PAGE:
Looking for a special way to honor Muslim neighbors and friends this Ramadan?
Or maybe you are curious about Ramadan and/or other Muslim traditions but want a more nuanced answer than what you’ll find on Wikipedia?
Why not invite friends or neighbors over to your house to break the fast together and let them tell you how and why Ramadan is so important to them.
All it really requires is some dates and water and a welcoming heart. But with a tad more preparation, you’ll have an iftar that yields memories you and your new (or old!) friend will cherish forever.
This Ramadan at Cultures Capsules, we are celebrating various Ramadan traditions around the world. We also shared the reflections of one family in Brooklyn, including memories and recipes, and we have a few more in the works. If you are inspired to share your story, contact us here!
How to Host an Iftar
Iftar is the breaking of the fast. During Ramadan, this happens only after the time of the official sundown. This is also the adhan (call to prayer) is made. At this time, people observing the fast may have a date (or 3) to break their fast, just as the Prophet Muhammed once did. They may also want to pray at that time.
Contrary to what you may assume, when sundown comes there isn’t a gorge-fest to make up for a day of fasting.
Friends tell me that not only is it tradition to break the fast slowly but it is the after many hours of fasting the body wants a slower introduction to food, starting with dates, and water, tea or juice. It’s all the stomach can handle at first.
After some time (and likely prayer), a small meal will follow. These meals are often soups or breakfast-type foods, both of which vary according to family customs and/or geography.
Your guests may be headed to the mosque for prayers and community meals, or to another home for a meal, and you should discuss this with them beforehand so everyone’s expectations are in line.
Beyond water and dates (and maybre juice, tea and snacks or a small meal), it’s really just about welcoming your new friend and asking them about their traditions.
As W. Kamau Bell would tell you, ask the dumb (but respectful) questions, instead of making up answers or going with answers that other people made up (appropriately, he said this in his “What I Learned from Muslims in Small-Town America” episode of United Shades of America filmed in Dearborn and Hamtramck, Michigan.) Watch it if you haven’t already!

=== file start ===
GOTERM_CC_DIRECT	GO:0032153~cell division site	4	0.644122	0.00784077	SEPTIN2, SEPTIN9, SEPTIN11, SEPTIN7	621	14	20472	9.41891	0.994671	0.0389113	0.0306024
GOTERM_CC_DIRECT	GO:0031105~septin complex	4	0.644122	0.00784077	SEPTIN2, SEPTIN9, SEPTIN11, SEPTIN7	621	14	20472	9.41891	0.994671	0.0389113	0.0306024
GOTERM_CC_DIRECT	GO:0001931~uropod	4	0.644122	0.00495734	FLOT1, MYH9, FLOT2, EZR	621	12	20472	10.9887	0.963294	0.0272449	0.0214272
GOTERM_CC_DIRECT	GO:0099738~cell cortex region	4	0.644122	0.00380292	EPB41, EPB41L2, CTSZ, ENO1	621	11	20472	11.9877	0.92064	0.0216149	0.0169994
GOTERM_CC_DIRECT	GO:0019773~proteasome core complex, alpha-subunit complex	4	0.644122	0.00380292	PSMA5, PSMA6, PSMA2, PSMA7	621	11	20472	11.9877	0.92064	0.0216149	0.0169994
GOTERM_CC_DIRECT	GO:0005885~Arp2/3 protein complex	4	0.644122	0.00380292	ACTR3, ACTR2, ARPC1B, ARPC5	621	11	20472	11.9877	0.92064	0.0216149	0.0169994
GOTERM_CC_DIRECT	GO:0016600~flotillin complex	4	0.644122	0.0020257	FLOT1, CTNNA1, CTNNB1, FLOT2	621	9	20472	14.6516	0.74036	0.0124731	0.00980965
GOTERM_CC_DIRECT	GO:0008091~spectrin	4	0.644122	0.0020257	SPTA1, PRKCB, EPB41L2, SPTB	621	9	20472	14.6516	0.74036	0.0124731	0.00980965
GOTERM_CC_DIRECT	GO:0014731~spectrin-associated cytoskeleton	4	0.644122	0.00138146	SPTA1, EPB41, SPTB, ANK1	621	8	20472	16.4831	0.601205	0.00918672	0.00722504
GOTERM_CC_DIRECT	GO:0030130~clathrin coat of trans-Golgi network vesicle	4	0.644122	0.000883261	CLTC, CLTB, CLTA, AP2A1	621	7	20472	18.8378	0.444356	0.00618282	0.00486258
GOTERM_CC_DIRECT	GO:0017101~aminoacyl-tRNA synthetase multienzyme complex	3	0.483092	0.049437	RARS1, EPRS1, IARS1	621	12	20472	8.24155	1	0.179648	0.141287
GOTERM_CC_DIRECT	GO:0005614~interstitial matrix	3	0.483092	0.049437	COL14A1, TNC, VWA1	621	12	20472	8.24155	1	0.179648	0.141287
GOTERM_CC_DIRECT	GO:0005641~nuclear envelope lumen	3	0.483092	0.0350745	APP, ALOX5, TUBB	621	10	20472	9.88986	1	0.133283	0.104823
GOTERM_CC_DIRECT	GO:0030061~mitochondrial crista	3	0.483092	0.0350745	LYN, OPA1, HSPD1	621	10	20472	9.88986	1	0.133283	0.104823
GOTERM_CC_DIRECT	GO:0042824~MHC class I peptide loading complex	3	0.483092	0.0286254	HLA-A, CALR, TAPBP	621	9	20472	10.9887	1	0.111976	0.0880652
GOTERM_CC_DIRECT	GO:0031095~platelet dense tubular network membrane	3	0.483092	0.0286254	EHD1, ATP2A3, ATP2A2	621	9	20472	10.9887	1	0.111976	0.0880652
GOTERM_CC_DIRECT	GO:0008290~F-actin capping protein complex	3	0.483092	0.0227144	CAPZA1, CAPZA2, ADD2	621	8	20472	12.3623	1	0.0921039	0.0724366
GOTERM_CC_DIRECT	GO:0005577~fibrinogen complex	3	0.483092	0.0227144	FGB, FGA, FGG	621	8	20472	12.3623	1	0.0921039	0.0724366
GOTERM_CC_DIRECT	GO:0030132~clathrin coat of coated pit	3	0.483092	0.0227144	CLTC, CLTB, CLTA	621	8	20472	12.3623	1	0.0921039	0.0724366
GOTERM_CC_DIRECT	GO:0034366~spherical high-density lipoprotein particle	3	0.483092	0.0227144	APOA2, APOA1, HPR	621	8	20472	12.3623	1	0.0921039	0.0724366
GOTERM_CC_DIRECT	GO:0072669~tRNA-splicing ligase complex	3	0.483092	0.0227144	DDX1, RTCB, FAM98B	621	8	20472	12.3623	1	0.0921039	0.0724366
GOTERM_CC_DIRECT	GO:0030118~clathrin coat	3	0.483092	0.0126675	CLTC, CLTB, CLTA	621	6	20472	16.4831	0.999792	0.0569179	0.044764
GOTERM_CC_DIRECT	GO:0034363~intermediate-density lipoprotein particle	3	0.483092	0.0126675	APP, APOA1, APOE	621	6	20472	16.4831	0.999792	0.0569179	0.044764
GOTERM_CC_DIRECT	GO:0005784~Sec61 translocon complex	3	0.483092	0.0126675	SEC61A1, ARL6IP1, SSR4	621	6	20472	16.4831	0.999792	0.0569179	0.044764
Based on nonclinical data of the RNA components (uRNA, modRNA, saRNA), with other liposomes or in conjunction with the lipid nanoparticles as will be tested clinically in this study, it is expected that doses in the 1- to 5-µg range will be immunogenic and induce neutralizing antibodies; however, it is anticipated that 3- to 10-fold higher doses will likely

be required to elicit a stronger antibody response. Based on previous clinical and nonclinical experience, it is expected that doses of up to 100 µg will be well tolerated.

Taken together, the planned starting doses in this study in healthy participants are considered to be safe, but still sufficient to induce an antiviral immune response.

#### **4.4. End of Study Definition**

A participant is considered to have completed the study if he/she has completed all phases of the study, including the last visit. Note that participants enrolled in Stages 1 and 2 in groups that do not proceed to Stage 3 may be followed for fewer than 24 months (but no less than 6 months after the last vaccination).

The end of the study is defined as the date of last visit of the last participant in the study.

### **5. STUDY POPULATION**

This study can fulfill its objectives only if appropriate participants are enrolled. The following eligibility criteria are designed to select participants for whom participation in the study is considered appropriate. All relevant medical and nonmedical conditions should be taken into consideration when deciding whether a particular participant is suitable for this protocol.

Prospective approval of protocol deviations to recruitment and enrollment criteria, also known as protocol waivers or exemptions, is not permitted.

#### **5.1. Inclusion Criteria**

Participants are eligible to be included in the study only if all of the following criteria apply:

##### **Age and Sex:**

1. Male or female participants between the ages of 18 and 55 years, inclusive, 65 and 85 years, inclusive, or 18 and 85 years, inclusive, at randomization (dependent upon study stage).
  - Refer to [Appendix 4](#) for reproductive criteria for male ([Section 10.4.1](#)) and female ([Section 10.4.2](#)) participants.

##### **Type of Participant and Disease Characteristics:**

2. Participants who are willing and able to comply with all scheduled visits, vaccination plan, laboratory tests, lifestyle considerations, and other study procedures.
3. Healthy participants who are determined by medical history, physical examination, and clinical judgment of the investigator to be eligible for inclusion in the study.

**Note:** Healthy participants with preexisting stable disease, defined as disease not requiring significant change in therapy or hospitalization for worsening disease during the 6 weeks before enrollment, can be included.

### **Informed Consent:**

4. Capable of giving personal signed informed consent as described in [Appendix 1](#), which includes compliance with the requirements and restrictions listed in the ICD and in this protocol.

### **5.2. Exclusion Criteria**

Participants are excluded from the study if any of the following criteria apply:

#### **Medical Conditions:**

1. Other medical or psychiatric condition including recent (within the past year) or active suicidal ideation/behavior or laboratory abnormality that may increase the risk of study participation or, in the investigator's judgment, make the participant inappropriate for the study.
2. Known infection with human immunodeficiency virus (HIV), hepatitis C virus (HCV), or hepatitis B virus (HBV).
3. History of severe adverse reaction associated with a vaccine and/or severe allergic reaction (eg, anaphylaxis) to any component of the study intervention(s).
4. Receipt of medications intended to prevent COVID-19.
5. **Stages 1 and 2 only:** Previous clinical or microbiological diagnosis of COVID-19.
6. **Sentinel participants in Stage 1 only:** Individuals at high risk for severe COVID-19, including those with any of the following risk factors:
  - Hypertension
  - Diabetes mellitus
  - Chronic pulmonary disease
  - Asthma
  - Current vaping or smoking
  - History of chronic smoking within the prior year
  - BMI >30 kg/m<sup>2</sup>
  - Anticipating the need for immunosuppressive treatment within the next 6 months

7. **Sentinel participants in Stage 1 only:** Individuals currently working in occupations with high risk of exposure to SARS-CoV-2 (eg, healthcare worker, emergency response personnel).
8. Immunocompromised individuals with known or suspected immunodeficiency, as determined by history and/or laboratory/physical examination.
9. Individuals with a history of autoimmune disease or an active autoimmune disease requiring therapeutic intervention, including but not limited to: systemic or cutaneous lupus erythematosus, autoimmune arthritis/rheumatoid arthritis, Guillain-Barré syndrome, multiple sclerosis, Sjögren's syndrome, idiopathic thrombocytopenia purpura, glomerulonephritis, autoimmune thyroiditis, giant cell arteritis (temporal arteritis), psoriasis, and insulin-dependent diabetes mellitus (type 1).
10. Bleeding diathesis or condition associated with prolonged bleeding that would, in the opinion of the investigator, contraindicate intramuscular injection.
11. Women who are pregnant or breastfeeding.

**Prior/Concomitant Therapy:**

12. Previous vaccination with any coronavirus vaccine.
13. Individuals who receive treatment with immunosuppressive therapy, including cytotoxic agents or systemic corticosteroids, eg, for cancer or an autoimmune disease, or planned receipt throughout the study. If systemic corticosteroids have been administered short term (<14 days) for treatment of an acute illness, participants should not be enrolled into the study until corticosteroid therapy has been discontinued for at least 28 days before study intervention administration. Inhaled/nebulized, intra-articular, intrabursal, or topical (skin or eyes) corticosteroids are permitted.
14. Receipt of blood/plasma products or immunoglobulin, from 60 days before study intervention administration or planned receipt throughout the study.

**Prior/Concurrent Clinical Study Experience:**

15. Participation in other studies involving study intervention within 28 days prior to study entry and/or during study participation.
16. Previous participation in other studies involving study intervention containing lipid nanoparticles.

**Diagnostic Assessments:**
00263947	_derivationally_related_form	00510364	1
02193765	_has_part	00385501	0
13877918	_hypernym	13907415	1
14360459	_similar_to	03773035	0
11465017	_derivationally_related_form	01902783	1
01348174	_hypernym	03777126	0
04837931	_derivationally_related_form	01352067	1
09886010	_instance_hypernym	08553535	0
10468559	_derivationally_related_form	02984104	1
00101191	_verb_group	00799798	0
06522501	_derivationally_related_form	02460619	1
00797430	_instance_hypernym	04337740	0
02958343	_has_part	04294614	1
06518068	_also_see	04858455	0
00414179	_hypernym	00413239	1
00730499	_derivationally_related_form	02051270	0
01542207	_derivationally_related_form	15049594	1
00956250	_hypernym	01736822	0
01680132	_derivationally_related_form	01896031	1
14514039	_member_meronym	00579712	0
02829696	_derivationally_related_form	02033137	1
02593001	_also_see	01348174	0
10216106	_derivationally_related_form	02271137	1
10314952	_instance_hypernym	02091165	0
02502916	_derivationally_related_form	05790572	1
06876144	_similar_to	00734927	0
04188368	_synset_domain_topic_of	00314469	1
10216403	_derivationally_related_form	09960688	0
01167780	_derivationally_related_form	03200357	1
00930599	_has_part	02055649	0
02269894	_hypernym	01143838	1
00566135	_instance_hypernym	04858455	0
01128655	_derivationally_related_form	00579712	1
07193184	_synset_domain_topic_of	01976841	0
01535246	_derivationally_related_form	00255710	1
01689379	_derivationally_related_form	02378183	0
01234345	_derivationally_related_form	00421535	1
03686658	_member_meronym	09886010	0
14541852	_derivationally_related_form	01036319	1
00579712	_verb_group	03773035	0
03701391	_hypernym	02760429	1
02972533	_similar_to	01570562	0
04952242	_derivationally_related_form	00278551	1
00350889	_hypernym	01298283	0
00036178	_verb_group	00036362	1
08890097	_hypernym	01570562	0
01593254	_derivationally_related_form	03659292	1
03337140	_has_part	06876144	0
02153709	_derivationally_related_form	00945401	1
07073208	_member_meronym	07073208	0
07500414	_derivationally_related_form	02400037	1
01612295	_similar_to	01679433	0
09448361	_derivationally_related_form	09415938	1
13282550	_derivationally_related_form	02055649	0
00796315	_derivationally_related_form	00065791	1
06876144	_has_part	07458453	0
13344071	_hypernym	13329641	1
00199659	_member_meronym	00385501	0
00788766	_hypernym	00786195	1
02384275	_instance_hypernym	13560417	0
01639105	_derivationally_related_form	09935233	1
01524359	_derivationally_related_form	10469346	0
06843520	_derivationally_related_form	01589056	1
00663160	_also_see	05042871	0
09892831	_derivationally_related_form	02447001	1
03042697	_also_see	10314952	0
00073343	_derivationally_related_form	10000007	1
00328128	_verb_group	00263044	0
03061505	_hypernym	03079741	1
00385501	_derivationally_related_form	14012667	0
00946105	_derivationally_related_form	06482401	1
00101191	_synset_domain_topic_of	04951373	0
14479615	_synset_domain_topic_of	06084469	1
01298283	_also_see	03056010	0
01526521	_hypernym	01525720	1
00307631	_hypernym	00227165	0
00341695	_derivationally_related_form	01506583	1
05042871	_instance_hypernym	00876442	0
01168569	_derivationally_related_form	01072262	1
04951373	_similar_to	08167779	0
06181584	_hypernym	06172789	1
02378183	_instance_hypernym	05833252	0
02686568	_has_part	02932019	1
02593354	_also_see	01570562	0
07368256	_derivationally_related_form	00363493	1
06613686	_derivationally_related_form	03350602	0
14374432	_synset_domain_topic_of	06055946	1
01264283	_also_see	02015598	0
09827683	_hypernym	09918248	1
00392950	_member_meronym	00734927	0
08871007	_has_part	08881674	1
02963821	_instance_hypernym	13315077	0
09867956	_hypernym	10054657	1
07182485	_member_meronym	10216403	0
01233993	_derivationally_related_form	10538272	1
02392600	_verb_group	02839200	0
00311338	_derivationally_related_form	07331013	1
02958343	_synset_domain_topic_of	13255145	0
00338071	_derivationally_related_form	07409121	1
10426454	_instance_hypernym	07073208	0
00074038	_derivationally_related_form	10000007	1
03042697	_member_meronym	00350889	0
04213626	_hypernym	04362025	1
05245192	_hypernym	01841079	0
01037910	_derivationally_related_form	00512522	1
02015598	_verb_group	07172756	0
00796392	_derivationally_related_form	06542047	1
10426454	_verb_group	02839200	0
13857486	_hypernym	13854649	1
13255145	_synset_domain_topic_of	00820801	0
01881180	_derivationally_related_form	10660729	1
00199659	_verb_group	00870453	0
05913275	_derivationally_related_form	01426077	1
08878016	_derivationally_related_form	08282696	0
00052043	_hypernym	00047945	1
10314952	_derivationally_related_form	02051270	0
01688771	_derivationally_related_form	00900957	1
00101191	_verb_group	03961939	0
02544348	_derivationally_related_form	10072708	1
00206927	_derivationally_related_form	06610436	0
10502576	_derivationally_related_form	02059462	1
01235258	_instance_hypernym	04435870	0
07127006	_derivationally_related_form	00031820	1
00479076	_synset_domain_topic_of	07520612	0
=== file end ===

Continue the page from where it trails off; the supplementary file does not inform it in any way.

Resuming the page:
Recitation of Quran
Gorgeous audio recitation of Quran, free via Spotify
This beautiful Quran recitation by Sheikh Mishary Rashid Alfasay, available on Spotify for free.
The recitation is sung and it is gorgeous.
If you haven’t listened to the Quran being recited, you are in for a treat. Even without understanding the words, we think you will feel the powerful peacefulness of it. Take a second to put it on before you continue reading.
You put it on, right? How beautiful…
Dates are recommended to break one’s fast during Ramadan, so be sure to have some on hand. It is not only Prophetic tradition, but also provides the body with sugar by helping restore low blood sugar after fasting all day.
Juice, especially freshly-squeezed, is appreciated too. That’s all is really needed, especially if your guests plan to head elsewhere for prayers and/or dinner after breaking their fast.
If you expect your guests to stay longer, you may ask if they want to have a meal as well. They may want to or they may plan to have a larger meal at home with family or friends later in the night. One option for a quick but delicious soup sometimes eaten at Ramadan is this recipe for Shorbet Adas (lentil soup).
Some local friends from Yemen shared these delicious sambusas (some made with potato and peas, and some with beef) that they made.
Since my very first inquiry into Ramadan food traditions, ma’amouls have been my favorite iftar treat to make at home, bring to iftars, and also just give as gifts. With the spiced date paste at the center, they take on a symbolic gesture, in addition to just being delicious.
You may be able to find them easily at this time of year if you have Middle Eastern or groceries or specialty bakeries around. But if you have the patience to make them, you will be rewarded with a lovely Ramadan treat
For the ma’amoul, I referred to several recipes and ultimately went off on my own. I also DOUBLED the batch below. This should make about 30 cookies, which is enough to eat and also share some.
If you want to further get in the spirit and beautify your home to welcome your guest. Head to the bottom of this portrait for the simple tutorial.